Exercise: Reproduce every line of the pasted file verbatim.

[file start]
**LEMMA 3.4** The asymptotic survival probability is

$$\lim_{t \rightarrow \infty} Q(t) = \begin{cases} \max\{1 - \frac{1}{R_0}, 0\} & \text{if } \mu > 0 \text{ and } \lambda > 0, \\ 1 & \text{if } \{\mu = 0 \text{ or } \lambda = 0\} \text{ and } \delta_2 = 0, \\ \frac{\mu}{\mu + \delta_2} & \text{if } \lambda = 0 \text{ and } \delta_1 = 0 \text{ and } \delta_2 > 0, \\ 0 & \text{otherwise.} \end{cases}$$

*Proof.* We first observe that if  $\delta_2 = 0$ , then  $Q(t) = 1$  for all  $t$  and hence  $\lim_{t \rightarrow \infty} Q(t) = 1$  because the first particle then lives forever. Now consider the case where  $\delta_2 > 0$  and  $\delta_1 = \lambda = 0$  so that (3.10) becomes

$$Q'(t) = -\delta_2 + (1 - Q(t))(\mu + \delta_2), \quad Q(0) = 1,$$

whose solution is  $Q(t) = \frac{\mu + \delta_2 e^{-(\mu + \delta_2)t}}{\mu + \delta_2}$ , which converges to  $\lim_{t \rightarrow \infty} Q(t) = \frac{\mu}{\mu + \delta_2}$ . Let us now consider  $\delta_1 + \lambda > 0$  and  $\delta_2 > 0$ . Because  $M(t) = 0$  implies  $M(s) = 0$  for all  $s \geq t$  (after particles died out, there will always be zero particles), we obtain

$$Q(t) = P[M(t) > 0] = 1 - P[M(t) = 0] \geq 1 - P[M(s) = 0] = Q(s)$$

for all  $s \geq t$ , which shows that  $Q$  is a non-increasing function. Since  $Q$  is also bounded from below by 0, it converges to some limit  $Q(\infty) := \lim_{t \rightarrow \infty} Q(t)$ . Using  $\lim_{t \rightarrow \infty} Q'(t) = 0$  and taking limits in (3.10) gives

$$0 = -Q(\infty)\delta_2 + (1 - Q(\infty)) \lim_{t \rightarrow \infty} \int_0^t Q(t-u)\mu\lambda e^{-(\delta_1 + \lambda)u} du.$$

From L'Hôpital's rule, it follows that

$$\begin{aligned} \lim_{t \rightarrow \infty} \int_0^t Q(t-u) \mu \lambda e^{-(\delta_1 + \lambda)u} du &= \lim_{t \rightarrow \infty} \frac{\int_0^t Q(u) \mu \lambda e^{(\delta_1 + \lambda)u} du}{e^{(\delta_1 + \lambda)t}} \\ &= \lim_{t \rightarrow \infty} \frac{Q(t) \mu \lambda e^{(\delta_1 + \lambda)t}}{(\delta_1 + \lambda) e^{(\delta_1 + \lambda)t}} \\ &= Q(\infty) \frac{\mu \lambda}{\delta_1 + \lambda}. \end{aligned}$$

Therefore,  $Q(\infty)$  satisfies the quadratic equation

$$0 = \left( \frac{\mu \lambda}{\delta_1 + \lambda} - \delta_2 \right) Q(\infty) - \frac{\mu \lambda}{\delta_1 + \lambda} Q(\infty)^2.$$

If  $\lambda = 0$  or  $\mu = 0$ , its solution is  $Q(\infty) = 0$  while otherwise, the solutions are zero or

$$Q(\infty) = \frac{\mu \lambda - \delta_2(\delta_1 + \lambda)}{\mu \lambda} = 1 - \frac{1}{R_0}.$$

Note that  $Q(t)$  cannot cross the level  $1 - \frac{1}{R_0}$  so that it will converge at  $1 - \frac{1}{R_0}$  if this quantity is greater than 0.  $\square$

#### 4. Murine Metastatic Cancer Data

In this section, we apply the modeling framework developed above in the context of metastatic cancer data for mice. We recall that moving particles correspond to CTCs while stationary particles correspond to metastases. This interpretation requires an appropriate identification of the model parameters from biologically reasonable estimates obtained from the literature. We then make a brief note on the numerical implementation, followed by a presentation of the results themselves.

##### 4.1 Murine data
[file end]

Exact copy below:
**LEMMA 3.4** The asymptotic survival probability is

$$\lim_{t \rightarrow \infty} Q(t) = \begin{cases} \max\{1 - \frac{1}{R_0}, 0\} & \text{if } \mu > 0 \text{ and } \lambda > 0, \\ 1 & \text{if } \{\mu = 0 \text{ or } \lambda = 0\} \text{ and } \delta_2 = 0, \\ \frac{\mu}{\mu + \delta_2} & \text{if } \lambda = 0 \text{ and } \delta_1 = 0 \text{ and } \delta_2 > 0, \\ 0 & \text{otherwise.} \end{cases}$$

*Proof.* We first observe that if  $\delta_2 = 0$ , then  $Q(t) = 1$  for all  $t$  and hence  $\lim_{t \rightarrow \infty} Q(t) = 1$  because the first particle then lives forever. Now consider the case where  $\delta_2 > 0$  and  $\delta_1 = \lambda = 0$  so that (3.10) becomes

$$Q'(t) = -\delta_2 + (1 - Q(t))(\mu + \delta_2), \quad Q(0) = 1,$$

whose solution is  $Q(t) = \frac{\mu + \delta_2 e^{-(\mu + \delta_2)t}}{\mu + \delta_2}$ , which converges to  $\lim_{t \rightarrow \infty} Q(t) = \frac{\mu}{\mu + \delta_2}$ . Let us now consider  $\delta_1 + \lambda > 0$  and  $\delta_2 > 0$ . Because  $M(t) = 0$  implies  $M(s) = 0$  for all  $s \geq t$  (after particles died out, there will always be zero particles), we obtain

$$Q(t) = P[M(t) > 0] = 1 - P[M(t) = 0] \geq 1 - P[M(s) = 0] = Q(s)$$

for all  $s \geq t$ , which shows that  $Q$  is a non-increasing function. Since  $Q$  is also bounded from below by 0, it converges to some limit  $Q(\infty) := \lim_{t \rightarrow \infty} Q(t)$ . Using  $\lim_{t \rightarrow \infty} Q'(t) = 0$  and taking limits in (3.10) gives

$$0 = -Q(\infty)\delta_2 + (1 - Q(\infty)) \lim_{t \rightarrow \infty} \int_0^t Q(t-u)\mu\lambda e^{-(\delta_1 + \lambda)u} du.$$

From L'Hôpital's rule, it follows that

$$\begin{aligned} \lim_{t \rightarrow \infty} \int_0^t Q(t-u) \mu \lambda e^{-(\delta_1 + \lambda)u} du &= \lim_{t \rightarrow \infty} \frac{\int_0^t Q(u) \mu \lambda e^{(\delta_1 + \lambda)u} du}{e^{(\delta_1 + \lambda)t}} \\ &= \lim_{t \rightarrow \infty} \frac{Q(t) \mu \lambda e^{(\delta_1 + \lambda)t}}{(\delta_1 + \lambda) e^{(\delta_1 + \lambda)t}} \\ &= Q(\infty) \frac{\mu \lambda}{\delta_1 + \lambda}. \end{aligned}$$

Therefore,  $Q(\infty)$  satisfies the quadratic equation

$$0 = \left( \frac{\mu \lambda}{\delta_1 + \lambda} - \delta_2 \right) Q(\infty) - \frac{\mu \lambda}{\delta_1 + \lambda} Q(\infty)^2.$$

If  $\lambda = 0$  or  $\mu = 0$ , its solution is  $Q(\infty) = 0$  while otherwise, the solutions are zero or

$$Q(\infty) = \frac{\mu \lambda - \delta_2(\delta_1 + \lambda)}{\mu \lambda} = 1 - \frac{1}{R_0}.$$

Note that  $Q(t)$  cannot cross the level  $1 - \frac{1}{R_0}$  so that it will converge at  $1 - \frac{1}{R_0}$  if this quantity is greater than 0.  $\square$

#### 4. Murine Metastatic Cancer Data

In this section, we apply the modeling framework developed above in the context of metastatic cancer data for mice. We recall that moving particles correspond to CTCs while stationary particles correspond to metastases. This interpretation requires an appropriate identification of the model parameters from biologically reasonable estimates obtained from the literature. We then make a brief note on the numerical implementation, followed by a presentation of the results themselves.

##### 4.1 Murine data